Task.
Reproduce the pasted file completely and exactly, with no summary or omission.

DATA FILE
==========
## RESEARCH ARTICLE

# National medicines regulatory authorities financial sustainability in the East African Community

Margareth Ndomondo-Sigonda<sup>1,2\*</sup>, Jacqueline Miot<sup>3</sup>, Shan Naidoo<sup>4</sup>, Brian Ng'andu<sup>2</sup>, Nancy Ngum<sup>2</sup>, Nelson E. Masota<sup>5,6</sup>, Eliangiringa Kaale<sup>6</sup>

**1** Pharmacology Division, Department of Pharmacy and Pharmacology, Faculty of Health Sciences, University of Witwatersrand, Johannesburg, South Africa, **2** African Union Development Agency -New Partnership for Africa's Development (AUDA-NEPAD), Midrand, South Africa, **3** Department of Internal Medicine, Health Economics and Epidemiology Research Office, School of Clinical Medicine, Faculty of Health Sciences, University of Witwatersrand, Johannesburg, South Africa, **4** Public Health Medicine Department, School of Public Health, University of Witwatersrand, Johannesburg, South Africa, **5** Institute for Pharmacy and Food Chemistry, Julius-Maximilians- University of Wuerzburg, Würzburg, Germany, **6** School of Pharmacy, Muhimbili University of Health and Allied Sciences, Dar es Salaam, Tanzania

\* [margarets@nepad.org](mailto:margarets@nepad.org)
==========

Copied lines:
## RESEARCH ARTICLE

# National medicines regulatory authorities financial sustainability in the East African Community

Margareth Ndomondo-Sigonda<sup>1,2\*</sup>, Jacqueline Miot<sup>3</sup>, Shan Naidoo<sup>4</sup>, Brian Ng'andu<sup>2</sup>, Nancy Ngum<sup>2</sup>, Nelson E. Masota<sup>5,6</sup>, Eliangiringa Kaale<sup>6</sup>

**1** Pharmacology Division, Department of Pharmacy and Pharmacology, Faculty of Health Sciences, University of Witwatersrand, Johannesburg, South Africa, **2** African Union Development Agency -New Partnership for Africa's Development (AUDA-NEPAD), Midrand, South Africa, **3** Department of Internal Medicine, Health Economics and Epidemiology Research Office, School of Clinical Medicine, Faculty of Health Sciences, University of Witwatersrand, Johannesburg, South Africa, **4** Public Health Medicine Department, School of Public Health, University of Witwatersrand, Johannesburg, South Africa, **5** Institute for Pharmacy and Food Chemistry, Julius-Maximilians- University of Wuerzburg, Würzburg, Germany, **6** School of Pharmacy, Muhimbili University of Health and Allied Sciences, Dar es Salaam, Tanzania

\* [margarets@nepad.org](mailto:margarets@nepad.org)